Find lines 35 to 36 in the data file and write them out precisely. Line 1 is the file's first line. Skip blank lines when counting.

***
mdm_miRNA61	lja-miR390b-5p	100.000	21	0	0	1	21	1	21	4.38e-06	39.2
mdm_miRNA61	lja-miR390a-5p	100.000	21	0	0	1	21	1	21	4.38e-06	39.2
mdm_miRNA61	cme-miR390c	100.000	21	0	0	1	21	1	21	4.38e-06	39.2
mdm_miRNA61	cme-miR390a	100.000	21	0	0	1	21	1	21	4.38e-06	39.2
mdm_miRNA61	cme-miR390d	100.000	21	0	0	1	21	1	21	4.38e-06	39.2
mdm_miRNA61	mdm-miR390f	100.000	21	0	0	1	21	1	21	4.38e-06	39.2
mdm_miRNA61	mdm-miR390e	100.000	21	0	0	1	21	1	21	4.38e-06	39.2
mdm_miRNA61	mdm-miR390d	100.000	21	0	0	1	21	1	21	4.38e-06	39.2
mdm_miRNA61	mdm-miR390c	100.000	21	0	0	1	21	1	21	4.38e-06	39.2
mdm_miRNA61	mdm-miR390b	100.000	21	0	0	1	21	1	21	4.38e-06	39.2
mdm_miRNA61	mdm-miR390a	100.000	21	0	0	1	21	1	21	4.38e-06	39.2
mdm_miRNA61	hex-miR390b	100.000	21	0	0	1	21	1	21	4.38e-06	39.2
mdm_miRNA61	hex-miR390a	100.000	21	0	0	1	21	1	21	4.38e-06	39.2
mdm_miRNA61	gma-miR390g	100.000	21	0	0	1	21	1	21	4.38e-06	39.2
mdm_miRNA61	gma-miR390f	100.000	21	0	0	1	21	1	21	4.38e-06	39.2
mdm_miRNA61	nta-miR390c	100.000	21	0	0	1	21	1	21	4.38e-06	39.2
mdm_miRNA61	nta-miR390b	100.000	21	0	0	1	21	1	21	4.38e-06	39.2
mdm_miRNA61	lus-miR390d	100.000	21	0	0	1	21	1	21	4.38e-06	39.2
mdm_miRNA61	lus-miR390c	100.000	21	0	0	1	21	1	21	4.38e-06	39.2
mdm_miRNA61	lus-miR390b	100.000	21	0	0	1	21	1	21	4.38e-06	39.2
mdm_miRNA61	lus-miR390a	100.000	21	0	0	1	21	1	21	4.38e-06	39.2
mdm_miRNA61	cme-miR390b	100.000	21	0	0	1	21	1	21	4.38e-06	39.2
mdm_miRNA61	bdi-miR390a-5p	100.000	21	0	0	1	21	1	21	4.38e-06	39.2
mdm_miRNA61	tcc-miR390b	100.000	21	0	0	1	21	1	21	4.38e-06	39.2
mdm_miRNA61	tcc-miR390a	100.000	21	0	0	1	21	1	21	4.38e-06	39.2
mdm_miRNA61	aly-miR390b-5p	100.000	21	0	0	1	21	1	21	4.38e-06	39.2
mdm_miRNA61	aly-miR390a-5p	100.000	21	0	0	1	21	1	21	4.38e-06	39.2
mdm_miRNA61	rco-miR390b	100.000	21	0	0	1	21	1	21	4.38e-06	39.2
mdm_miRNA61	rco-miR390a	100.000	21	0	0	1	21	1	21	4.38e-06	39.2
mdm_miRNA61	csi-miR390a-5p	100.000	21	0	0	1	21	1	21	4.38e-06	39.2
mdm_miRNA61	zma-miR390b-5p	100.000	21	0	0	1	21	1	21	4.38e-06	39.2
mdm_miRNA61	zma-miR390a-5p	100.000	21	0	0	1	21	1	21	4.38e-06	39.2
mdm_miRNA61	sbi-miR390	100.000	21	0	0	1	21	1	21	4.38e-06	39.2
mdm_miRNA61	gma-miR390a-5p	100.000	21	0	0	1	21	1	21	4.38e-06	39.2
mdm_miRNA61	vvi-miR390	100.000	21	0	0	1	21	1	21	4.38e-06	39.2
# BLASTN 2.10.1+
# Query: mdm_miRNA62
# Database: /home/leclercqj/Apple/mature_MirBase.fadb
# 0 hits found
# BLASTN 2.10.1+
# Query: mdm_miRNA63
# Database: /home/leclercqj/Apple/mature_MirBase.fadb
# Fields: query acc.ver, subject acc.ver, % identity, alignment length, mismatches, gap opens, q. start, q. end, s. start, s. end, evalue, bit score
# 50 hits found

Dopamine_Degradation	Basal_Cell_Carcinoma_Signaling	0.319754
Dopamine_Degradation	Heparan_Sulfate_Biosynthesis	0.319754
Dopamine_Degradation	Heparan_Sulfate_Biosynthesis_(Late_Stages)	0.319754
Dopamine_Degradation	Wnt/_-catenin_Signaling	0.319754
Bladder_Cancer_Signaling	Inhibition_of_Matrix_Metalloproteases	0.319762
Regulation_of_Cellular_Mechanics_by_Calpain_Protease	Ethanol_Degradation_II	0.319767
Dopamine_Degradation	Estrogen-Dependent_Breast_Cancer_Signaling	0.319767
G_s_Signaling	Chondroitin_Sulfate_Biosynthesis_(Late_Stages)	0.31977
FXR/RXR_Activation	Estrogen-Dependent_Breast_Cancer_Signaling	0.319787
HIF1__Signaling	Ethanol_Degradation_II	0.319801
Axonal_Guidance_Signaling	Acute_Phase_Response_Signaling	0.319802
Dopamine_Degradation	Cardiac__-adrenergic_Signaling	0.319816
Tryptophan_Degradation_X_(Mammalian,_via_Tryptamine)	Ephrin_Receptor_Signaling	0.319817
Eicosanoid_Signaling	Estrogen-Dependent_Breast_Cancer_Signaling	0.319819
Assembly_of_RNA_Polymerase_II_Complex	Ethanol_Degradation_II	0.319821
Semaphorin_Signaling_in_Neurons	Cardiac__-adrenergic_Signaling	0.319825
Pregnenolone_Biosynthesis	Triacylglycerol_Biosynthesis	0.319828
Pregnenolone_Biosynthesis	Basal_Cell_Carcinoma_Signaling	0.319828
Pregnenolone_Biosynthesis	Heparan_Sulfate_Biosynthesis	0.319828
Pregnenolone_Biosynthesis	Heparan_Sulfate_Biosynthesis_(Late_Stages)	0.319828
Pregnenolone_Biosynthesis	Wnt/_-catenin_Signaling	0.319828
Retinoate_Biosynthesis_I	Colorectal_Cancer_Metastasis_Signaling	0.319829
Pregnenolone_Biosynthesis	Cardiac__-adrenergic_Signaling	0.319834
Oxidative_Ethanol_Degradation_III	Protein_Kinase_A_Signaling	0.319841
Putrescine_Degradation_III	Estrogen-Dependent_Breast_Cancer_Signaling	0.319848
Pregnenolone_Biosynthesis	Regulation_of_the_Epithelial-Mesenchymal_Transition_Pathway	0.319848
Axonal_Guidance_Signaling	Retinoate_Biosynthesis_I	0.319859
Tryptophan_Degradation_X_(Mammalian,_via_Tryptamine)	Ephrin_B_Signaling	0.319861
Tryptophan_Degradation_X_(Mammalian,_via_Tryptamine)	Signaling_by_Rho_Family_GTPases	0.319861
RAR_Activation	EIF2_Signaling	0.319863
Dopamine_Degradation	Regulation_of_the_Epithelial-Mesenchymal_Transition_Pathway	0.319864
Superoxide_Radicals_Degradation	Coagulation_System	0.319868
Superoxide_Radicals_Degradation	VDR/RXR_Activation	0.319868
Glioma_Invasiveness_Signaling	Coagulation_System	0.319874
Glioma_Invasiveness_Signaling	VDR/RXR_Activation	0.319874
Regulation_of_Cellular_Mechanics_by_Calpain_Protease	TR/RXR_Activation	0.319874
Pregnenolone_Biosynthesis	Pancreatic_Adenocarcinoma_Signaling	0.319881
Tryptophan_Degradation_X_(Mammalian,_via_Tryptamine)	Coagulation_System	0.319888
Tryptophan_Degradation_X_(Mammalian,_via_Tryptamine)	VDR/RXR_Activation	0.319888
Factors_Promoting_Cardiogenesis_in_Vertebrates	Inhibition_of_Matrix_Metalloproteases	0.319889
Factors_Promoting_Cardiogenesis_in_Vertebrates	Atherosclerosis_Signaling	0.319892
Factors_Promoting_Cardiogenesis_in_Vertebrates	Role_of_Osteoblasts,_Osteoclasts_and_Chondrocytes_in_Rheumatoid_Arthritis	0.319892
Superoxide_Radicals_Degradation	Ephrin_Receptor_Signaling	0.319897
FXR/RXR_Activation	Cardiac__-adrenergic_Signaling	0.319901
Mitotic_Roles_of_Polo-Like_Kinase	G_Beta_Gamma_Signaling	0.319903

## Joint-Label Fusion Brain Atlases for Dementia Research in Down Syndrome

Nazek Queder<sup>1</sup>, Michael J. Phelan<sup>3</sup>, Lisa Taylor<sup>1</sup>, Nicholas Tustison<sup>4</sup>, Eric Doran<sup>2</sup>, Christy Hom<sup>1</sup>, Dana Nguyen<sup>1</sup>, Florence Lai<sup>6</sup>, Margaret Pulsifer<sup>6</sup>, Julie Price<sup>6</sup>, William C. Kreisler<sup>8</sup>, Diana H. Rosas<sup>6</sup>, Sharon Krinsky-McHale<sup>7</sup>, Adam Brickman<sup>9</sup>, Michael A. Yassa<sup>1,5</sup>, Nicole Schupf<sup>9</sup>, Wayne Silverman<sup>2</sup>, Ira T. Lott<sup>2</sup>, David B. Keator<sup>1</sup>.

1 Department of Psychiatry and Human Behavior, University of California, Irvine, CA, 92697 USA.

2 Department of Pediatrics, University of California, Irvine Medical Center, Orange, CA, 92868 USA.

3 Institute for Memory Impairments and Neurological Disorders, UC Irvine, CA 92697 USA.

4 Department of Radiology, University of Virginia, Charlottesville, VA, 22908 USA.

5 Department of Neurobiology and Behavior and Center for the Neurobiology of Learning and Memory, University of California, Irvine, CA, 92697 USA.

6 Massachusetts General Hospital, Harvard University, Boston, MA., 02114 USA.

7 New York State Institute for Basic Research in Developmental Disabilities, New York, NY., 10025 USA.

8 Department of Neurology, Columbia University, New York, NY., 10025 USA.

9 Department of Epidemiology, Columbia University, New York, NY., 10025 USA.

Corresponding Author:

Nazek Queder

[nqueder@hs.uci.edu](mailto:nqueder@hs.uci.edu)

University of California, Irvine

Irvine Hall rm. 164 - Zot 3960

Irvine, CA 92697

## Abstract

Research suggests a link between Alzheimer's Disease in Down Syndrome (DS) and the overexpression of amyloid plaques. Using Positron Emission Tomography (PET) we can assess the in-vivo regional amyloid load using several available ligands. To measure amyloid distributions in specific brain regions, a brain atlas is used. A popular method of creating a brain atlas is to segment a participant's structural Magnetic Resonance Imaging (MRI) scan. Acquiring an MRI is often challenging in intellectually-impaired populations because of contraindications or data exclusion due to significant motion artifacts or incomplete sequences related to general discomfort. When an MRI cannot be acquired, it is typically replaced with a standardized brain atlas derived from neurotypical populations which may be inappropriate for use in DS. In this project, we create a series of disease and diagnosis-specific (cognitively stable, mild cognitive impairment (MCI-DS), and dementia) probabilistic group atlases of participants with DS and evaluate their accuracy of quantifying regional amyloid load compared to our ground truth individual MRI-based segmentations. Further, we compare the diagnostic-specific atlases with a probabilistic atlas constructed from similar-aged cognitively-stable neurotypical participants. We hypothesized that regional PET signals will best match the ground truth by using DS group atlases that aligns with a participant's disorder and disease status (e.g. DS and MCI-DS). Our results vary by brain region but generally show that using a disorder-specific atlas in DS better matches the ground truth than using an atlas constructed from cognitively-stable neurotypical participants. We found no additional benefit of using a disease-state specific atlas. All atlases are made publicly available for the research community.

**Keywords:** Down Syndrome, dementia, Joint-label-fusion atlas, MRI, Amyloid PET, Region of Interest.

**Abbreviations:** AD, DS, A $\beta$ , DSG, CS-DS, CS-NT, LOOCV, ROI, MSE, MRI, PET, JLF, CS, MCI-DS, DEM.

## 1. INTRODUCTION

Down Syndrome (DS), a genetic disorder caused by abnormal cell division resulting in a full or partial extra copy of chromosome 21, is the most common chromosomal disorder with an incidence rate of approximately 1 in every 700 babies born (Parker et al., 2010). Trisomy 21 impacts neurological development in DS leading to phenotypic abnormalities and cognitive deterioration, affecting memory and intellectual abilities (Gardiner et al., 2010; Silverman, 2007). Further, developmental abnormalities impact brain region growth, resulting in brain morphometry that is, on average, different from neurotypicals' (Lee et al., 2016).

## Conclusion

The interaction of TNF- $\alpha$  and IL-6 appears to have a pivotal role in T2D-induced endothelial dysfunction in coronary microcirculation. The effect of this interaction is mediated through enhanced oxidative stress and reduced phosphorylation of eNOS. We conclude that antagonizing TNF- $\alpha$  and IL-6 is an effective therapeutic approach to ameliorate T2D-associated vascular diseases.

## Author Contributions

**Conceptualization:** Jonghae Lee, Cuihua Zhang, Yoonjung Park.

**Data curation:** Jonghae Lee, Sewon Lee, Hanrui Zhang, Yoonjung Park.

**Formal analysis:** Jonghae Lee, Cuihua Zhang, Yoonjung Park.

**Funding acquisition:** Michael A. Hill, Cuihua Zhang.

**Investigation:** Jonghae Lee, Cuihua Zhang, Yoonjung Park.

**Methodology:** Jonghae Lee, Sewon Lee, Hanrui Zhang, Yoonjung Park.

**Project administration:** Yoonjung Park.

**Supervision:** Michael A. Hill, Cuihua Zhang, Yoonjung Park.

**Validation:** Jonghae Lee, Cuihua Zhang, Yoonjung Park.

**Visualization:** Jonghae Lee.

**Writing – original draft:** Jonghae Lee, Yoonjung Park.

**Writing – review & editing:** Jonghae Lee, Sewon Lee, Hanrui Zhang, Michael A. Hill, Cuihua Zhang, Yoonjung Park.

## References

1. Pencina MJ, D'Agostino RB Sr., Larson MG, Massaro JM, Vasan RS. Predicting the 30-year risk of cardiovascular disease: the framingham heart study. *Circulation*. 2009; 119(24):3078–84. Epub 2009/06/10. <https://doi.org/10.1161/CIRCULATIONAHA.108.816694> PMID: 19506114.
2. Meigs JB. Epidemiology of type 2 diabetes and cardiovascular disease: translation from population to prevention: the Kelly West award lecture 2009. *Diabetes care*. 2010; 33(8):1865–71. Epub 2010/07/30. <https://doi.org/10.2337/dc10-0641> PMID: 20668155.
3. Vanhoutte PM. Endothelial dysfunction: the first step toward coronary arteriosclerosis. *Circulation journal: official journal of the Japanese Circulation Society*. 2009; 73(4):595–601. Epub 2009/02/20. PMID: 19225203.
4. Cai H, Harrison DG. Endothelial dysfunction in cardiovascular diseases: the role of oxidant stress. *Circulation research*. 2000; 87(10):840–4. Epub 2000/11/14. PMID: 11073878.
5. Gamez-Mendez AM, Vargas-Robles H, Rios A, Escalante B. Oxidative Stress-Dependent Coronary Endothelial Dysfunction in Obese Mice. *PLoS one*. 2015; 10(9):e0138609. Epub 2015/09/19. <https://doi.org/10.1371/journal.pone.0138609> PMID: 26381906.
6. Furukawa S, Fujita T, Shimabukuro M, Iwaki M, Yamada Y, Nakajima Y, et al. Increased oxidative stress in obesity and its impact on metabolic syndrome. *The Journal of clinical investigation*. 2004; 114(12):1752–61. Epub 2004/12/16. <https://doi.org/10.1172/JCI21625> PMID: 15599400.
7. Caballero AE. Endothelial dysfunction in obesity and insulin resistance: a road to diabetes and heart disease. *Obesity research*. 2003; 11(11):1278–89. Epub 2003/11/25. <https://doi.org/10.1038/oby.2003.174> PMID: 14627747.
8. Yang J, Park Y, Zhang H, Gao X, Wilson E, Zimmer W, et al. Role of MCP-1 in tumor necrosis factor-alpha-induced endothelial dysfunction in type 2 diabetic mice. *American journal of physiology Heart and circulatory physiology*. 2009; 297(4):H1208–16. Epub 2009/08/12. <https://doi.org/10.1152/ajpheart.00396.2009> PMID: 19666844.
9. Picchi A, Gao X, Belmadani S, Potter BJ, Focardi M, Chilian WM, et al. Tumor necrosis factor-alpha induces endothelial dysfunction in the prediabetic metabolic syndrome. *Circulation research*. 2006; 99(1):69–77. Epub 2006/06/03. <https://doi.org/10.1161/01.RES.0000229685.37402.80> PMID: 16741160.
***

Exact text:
mdm_miRNA61	vvi-miR390	100.000	21	0	0	1	21	1	21	4.38e-06	39.2
# BLASTN 2.10.1+